I am not entirely sure what we thought would happen but we were about to learn a lot about teacher-SLP relationships and the ups and downs of throwing another new process/intervention at teachers. I will say, that many of our staff members took our new plan and ran with it. They screened students they were concerned about, looked at the normative data to see if it was an age-appropriate error, and then worked with us to see which tier the student would best benefit from. My best example would be a First Grade teacher at our school who was concerned about the intelligibility of a student. She took time to sit down with him and work through our Quick Screener. She consulted with me afterwards and we looked at the data she had gathered together. She then spent a few weeks seeing if he would make progress with Tier 2 interventions in the classroom. She kept amazing data of his productions. When this student failed to make progress, and due to other academic concerns, we moved into full evaluation mode. The best part was that we were able to use her data to justify speech testing and eventual qualification for speech services. However, this was not the norm. We were left wondering where we went wrong.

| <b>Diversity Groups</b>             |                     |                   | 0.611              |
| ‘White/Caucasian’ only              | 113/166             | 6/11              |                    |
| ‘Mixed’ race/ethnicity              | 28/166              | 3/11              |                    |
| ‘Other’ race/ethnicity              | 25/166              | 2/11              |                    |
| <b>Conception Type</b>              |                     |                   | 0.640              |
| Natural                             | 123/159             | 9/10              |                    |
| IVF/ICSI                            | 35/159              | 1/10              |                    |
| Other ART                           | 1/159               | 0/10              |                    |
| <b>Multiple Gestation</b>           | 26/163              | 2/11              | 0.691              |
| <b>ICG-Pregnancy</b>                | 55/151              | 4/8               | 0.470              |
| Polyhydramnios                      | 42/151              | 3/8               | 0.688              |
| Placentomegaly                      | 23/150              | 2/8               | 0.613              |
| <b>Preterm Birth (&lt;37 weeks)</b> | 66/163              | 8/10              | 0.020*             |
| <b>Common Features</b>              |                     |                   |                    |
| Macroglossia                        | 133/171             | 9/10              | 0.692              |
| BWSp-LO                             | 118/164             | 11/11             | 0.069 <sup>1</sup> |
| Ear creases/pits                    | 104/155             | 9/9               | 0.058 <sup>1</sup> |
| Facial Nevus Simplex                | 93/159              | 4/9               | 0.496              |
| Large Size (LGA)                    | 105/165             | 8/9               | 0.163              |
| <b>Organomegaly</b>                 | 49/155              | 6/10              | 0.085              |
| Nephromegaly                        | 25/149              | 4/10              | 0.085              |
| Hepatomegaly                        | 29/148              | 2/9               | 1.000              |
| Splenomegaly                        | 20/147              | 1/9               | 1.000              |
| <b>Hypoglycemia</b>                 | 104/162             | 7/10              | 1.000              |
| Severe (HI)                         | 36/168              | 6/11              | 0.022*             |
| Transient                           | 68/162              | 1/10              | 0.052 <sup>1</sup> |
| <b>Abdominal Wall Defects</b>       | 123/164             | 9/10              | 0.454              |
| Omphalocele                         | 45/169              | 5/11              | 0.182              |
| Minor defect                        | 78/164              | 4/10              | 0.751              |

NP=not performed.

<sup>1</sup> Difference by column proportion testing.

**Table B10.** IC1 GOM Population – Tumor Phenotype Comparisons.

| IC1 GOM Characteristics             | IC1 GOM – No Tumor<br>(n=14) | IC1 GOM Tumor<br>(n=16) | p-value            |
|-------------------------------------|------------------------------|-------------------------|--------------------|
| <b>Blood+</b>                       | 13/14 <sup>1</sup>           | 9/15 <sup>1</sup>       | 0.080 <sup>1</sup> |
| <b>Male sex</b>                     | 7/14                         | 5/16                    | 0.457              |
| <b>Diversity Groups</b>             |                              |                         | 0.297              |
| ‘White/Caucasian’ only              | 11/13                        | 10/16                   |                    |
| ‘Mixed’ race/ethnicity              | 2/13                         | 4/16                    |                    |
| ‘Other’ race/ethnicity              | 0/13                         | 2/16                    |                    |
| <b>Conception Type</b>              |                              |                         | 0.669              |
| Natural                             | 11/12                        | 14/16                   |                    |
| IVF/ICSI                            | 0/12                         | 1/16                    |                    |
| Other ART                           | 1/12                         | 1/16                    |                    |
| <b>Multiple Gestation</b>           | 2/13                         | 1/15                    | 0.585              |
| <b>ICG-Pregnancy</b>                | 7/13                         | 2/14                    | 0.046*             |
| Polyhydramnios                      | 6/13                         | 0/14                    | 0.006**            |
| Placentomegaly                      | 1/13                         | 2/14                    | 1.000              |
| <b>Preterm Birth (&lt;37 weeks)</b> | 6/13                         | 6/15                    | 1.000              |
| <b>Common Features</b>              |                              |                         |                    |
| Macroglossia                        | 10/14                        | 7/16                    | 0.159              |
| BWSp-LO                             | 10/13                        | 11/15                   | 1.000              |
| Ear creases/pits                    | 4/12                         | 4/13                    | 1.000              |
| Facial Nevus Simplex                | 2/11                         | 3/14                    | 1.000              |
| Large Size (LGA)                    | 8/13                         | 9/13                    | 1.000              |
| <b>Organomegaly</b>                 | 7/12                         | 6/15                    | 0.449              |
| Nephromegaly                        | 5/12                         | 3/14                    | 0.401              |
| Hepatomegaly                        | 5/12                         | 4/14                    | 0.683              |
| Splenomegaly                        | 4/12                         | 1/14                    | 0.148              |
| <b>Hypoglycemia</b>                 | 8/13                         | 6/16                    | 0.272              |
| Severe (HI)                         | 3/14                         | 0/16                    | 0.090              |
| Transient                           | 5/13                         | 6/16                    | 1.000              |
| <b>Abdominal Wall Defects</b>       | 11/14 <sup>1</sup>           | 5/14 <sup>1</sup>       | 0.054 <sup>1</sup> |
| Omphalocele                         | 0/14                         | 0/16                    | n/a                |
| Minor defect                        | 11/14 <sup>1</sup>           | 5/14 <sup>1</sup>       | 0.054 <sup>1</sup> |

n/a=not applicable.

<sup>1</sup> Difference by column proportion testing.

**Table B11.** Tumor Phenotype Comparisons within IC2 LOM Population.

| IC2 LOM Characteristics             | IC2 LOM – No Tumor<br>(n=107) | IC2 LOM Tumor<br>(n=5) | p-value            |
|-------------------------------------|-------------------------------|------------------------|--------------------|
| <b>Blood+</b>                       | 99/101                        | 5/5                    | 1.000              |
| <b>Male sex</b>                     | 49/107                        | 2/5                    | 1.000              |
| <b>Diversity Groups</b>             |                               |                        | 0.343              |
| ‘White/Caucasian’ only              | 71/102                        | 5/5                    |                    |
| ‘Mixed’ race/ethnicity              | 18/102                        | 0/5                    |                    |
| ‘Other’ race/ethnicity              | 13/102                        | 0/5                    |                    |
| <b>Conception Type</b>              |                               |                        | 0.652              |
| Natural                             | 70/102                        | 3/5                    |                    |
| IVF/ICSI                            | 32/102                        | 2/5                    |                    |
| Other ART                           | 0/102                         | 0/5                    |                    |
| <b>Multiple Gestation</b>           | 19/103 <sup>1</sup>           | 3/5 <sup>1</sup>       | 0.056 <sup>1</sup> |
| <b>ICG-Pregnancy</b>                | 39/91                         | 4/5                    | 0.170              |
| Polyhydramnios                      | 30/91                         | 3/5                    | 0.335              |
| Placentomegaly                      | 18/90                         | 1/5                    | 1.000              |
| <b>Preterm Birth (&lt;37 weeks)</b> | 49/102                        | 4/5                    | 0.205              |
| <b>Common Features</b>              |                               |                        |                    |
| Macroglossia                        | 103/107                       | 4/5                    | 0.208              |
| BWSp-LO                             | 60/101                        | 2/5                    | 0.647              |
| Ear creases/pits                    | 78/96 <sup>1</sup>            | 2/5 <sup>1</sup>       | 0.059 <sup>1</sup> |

In the year since our introduction of the new RtI process began, we have learned so much about a more successful recipe for Speech RtI in our building. It is still far from perfect but has improved quite a bit. The secret was getting out of my room and into the hallways and classrooms in my school. It also meant taking another look at how RtI services were carried out. Here is how it has changed:
Before: Teachers approached us with students they were concerned about.
Now: I try to check in with staff members on a regular basis. When I see them in the lounge, when I pick up other RtI students, and through e-mails.